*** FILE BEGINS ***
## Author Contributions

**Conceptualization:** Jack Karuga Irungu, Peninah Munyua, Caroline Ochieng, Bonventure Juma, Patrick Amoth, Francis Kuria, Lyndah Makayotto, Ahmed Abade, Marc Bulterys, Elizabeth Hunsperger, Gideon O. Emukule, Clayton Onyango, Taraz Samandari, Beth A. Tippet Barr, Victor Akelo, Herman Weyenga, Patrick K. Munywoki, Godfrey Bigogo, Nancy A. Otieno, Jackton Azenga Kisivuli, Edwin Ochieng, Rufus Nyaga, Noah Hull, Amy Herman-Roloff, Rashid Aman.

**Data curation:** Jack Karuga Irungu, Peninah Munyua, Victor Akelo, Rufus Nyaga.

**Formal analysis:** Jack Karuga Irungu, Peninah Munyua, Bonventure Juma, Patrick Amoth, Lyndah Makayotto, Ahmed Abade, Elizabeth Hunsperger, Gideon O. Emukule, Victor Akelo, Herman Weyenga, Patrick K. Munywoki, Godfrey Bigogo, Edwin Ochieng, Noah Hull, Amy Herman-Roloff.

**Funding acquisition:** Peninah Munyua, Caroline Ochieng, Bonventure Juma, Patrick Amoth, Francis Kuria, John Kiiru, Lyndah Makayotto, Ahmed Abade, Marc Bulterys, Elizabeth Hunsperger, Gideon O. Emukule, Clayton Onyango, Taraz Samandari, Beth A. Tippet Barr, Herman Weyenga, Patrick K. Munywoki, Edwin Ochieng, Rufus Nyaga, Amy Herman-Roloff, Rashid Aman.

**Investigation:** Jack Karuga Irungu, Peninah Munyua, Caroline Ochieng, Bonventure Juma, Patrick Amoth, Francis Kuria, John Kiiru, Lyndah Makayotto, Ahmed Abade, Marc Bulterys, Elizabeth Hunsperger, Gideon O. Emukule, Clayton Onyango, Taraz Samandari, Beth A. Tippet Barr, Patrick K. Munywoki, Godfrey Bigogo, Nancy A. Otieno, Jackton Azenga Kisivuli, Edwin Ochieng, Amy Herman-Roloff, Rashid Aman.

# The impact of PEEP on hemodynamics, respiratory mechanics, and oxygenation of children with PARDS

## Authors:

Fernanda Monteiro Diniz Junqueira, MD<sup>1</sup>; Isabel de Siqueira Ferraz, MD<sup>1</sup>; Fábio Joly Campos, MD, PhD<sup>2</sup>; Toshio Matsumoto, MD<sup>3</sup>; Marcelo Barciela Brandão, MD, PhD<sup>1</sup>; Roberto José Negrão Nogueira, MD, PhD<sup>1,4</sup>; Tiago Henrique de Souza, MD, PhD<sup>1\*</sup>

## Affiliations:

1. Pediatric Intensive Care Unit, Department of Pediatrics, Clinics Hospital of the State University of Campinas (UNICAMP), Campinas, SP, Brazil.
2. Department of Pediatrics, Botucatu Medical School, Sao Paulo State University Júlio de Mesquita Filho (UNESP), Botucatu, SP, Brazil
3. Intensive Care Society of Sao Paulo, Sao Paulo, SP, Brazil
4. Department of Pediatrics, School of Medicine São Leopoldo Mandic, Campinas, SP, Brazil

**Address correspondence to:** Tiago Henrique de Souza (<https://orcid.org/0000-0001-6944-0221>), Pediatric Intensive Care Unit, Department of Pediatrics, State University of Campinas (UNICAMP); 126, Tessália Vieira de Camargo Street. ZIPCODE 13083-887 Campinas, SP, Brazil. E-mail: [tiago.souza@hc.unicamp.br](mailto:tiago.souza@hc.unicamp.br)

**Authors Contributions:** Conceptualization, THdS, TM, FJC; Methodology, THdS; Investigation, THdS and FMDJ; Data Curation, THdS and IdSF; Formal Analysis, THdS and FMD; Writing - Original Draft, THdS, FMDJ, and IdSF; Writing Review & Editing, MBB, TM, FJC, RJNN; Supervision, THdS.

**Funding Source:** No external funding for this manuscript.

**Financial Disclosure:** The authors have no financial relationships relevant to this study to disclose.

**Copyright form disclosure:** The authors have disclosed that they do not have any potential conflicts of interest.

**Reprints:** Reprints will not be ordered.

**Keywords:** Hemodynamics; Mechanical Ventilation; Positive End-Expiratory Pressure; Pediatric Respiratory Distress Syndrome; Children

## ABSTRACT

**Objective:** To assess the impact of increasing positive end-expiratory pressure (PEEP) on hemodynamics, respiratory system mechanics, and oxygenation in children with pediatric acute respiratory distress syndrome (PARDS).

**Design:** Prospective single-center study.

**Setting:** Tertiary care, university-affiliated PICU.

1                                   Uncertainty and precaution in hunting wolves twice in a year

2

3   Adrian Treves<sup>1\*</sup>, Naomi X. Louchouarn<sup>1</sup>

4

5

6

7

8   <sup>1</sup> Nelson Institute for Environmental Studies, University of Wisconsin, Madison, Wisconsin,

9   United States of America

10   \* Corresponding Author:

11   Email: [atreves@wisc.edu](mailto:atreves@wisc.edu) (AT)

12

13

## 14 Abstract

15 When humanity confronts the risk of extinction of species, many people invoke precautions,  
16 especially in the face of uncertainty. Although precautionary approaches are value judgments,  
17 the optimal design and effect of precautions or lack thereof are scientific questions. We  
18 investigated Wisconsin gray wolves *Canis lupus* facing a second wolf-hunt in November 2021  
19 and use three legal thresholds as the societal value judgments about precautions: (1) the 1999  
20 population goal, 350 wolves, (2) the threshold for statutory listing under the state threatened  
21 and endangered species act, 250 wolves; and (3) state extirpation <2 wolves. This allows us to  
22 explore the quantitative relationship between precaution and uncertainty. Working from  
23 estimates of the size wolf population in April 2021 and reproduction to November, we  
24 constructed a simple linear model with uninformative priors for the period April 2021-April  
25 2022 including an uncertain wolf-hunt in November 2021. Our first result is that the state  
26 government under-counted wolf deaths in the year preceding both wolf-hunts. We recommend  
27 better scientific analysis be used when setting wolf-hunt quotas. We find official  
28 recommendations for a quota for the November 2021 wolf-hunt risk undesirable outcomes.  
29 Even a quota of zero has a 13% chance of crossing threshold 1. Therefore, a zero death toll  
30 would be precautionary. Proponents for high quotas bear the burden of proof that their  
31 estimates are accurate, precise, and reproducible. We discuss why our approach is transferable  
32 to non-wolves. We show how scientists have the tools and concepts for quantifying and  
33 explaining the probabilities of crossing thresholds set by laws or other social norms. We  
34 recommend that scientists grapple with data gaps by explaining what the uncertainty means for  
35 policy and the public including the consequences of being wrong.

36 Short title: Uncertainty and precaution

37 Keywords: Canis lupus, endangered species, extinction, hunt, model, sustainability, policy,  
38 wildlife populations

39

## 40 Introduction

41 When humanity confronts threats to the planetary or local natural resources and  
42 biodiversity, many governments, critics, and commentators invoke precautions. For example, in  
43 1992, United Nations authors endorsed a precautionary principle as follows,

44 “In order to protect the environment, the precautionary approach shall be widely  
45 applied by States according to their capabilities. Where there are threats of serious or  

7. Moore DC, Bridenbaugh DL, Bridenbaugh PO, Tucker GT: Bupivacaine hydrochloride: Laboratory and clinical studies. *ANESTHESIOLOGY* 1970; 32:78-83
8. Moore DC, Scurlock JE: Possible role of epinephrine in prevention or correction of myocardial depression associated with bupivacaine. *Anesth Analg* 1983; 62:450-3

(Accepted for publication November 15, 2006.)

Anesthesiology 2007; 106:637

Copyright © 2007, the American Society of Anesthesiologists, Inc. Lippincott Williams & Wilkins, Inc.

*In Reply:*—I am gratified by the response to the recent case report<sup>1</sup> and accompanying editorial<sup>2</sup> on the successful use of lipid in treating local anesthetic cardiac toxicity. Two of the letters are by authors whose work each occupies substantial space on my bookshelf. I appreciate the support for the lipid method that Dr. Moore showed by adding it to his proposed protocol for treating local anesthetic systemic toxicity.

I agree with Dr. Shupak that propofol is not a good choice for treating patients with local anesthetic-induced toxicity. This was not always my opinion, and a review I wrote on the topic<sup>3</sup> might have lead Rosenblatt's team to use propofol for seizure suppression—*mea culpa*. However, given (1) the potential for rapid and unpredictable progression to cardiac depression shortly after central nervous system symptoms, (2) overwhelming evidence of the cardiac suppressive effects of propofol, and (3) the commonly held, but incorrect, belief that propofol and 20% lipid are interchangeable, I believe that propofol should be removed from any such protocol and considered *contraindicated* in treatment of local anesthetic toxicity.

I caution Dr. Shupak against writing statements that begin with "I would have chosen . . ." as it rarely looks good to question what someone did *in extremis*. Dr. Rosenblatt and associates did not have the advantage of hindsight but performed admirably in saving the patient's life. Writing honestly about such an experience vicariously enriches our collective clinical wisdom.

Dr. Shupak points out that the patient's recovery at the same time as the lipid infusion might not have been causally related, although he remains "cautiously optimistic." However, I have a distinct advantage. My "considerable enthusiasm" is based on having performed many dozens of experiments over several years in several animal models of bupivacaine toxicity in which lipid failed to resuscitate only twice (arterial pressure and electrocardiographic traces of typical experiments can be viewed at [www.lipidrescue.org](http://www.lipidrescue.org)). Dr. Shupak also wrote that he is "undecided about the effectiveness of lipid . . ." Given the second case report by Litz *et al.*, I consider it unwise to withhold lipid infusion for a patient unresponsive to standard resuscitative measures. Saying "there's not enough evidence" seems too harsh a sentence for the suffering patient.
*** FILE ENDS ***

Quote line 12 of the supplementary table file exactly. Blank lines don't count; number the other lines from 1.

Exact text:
2. Department of Pediatrics, Botucatu Medical School, Sao Paulo State University Júlio de Mesquita Filho (UNESP), Botucatu, SP, Brazil